TA DAAAAA, up drives the Dodge ram. Are you ok were the first words out of the drivers mouth. I'm fine, just a little pooped out, I replied. The two fellas appeared to be a Father and Son team out looking for deer (hunting season).

Showed the Dad my attached lifting cables. He took the rear, I the front. The bike was up in a heart beat. I climbed aboard and rolled it down the hill an set it on the side stand. Went up, thanked them both and shook their hands. Dad asked again if I was alright. They got into the truck, turned around, and drove back in the direction they came. Perhaps they thought making the hill look easy would be an affront to me; don't know.

Things that I learned;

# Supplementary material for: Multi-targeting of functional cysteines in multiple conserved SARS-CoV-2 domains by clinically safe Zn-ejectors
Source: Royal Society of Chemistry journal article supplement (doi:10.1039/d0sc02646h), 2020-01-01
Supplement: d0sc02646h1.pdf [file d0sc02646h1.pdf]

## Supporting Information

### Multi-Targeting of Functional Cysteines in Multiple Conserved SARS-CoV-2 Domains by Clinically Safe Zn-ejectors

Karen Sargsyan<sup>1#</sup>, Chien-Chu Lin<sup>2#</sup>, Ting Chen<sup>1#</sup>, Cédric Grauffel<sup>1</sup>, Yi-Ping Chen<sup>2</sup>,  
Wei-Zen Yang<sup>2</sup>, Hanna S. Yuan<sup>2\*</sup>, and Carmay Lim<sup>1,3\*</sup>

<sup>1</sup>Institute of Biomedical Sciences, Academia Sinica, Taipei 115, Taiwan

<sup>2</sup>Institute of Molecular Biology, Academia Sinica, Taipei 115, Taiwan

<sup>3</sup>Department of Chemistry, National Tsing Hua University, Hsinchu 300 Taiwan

In hind site, I would be inclined to suggest, when your down, your down. If you can, turn off the ignition, the fuel petcock and assess the functions of your body. Not necessarily in that order. Point is, stop and THINK about what you are going to do next. For me, it was an unproductive and knee-jerk action. At least I remember from previous falls that it made the most sense to lift toward the down hill, should you have the choice. Since my bike was in perfect line with the road, and the front was pointing uphill. I needed to move the bike crosswise to the road. Silly me, I started this by trying to pull the back end uphill instead of the front end down hill. Don't let your rescuer leave until you are sure you are ok (really) and your bike starts and functions properly. Given my carb was leaking gas cause the float was stuck open, fuel was on the ground, likely in the airbox or cylinder should the intake valve been open. Needless to say, no amount of kicking, should the heart remain ticking was going to do it. The electric finally fired it up.